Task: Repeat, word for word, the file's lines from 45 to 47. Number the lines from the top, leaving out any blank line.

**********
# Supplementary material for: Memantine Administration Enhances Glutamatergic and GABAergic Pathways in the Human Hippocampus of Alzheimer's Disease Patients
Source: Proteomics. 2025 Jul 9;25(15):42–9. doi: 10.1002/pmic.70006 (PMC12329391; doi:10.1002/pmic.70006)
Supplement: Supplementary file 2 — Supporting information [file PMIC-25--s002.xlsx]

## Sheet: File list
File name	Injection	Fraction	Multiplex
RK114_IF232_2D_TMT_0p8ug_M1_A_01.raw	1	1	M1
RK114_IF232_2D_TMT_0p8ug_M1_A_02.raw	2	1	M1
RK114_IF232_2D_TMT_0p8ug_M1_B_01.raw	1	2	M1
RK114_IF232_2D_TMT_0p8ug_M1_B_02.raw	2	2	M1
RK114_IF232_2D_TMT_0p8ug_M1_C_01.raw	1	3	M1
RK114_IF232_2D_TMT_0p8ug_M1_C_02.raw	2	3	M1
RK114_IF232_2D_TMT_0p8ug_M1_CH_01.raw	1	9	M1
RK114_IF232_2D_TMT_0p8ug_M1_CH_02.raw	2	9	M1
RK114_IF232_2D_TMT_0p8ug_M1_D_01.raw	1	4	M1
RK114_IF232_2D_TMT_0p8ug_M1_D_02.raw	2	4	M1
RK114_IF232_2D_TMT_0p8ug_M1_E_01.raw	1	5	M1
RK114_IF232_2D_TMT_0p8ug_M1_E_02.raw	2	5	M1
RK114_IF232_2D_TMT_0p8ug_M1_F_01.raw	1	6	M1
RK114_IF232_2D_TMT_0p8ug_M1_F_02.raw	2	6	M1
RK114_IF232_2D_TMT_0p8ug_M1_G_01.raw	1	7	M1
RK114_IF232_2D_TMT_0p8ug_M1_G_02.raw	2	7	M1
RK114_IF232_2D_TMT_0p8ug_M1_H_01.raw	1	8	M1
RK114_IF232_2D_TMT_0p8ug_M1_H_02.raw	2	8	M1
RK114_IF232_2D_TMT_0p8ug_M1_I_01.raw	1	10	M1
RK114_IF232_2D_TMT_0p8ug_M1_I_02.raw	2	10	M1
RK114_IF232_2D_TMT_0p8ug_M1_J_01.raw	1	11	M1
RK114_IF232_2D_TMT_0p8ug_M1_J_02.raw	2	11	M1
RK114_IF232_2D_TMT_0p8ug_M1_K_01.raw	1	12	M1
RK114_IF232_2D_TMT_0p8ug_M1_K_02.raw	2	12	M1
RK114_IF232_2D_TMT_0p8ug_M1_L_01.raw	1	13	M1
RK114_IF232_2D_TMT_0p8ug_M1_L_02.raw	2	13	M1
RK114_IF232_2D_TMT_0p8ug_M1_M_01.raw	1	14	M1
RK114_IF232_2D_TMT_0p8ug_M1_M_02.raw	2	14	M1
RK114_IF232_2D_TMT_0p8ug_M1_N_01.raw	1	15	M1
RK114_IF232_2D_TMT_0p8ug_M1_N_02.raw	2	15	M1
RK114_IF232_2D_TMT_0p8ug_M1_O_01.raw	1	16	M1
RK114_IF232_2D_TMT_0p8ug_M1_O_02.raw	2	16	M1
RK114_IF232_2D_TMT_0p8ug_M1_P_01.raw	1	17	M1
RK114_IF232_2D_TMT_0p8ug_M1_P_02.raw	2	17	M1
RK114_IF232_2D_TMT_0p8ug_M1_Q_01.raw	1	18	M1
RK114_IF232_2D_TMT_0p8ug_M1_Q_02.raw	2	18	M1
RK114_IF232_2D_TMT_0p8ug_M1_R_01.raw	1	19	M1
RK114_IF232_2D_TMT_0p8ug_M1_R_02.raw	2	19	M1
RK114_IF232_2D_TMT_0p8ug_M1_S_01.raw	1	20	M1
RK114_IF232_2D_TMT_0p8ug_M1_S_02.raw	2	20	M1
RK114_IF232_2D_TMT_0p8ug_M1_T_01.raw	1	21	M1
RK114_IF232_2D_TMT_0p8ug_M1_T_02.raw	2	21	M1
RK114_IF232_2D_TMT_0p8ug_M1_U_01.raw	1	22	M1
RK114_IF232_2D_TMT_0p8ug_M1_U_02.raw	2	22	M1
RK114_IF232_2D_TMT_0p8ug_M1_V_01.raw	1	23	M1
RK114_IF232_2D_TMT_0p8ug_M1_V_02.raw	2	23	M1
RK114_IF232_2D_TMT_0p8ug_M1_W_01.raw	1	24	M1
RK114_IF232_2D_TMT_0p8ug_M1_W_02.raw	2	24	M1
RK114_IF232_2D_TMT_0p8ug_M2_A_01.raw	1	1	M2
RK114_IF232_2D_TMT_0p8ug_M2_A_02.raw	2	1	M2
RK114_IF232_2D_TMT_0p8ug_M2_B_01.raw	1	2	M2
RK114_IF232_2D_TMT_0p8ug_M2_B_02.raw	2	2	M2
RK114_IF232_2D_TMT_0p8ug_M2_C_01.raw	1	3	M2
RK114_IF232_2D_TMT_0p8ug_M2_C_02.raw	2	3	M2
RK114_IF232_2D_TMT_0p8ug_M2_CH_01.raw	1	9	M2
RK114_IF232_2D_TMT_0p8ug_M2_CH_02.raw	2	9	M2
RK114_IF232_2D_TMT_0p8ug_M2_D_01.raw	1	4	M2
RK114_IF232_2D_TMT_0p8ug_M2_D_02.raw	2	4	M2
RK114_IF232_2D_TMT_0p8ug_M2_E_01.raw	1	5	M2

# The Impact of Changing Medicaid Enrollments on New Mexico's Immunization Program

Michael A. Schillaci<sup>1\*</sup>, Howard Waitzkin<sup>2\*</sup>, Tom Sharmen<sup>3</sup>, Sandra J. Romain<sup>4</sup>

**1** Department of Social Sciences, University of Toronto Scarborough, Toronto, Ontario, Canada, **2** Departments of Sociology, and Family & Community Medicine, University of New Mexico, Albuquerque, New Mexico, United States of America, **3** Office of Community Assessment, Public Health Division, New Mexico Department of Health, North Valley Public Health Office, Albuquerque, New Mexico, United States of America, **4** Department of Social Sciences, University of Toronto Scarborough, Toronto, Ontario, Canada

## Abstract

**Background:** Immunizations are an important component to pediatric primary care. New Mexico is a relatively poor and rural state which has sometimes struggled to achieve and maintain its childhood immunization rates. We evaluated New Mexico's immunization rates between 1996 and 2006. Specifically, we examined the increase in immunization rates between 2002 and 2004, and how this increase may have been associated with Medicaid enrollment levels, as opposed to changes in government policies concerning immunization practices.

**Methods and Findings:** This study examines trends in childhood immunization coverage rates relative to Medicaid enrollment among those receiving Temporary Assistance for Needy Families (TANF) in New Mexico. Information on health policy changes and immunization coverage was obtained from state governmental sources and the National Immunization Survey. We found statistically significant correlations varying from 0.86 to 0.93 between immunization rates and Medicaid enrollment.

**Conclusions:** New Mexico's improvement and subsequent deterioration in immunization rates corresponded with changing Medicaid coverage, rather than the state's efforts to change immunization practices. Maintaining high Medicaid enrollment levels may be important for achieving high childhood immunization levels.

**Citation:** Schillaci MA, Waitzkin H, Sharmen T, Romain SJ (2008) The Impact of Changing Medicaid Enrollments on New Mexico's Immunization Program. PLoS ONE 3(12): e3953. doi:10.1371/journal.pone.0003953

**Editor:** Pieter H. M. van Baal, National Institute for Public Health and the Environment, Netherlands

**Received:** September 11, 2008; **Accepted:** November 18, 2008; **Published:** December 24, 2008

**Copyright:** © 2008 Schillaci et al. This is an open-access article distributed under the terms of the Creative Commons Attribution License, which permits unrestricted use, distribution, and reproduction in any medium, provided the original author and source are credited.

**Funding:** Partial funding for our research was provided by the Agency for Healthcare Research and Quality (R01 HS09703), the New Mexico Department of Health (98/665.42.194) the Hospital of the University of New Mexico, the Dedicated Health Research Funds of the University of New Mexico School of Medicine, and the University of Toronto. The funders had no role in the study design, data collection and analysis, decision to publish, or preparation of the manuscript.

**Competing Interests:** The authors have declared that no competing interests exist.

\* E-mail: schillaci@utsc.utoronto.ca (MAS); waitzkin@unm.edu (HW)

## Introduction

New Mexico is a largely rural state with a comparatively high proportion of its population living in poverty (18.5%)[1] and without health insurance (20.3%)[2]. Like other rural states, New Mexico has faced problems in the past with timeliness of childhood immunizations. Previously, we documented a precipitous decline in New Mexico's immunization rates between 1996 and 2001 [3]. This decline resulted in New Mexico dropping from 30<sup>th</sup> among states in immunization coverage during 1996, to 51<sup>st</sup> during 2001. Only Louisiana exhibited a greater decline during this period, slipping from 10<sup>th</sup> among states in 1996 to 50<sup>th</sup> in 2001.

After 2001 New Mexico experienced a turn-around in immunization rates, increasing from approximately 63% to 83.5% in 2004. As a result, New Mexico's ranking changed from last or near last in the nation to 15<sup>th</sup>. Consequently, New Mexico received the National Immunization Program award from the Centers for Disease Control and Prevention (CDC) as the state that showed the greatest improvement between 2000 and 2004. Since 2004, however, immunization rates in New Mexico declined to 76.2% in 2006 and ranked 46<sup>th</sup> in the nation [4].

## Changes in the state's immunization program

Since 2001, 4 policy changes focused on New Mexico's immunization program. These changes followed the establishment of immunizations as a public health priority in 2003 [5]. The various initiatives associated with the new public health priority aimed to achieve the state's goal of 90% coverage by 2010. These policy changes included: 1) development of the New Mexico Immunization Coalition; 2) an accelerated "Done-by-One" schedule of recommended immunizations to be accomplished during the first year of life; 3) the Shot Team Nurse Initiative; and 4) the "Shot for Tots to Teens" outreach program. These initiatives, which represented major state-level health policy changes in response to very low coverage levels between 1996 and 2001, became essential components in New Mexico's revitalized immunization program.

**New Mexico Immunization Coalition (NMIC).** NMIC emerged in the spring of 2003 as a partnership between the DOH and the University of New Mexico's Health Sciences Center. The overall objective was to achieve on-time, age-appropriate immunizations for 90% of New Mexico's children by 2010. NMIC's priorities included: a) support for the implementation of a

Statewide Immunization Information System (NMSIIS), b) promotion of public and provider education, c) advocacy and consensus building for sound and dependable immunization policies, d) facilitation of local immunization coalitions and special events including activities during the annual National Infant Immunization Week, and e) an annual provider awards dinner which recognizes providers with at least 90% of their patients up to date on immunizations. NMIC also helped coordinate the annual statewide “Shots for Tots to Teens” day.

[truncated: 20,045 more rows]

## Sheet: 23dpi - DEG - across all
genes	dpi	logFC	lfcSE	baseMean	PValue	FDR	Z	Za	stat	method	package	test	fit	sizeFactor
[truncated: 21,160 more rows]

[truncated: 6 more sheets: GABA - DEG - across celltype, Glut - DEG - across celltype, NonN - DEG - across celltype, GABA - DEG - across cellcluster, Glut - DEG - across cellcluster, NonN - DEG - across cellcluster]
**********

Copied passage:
RK114_IF232_2D_TMT_0p8ug_M1_S_02.raw	2	20	M1
RK114_IF232_2D_TMT_0p8ug_M1_T_01.raw	1	21	M1
RK114_IF232_2D_TMT_0p8ug_M1_T_02.raw	2	21	M1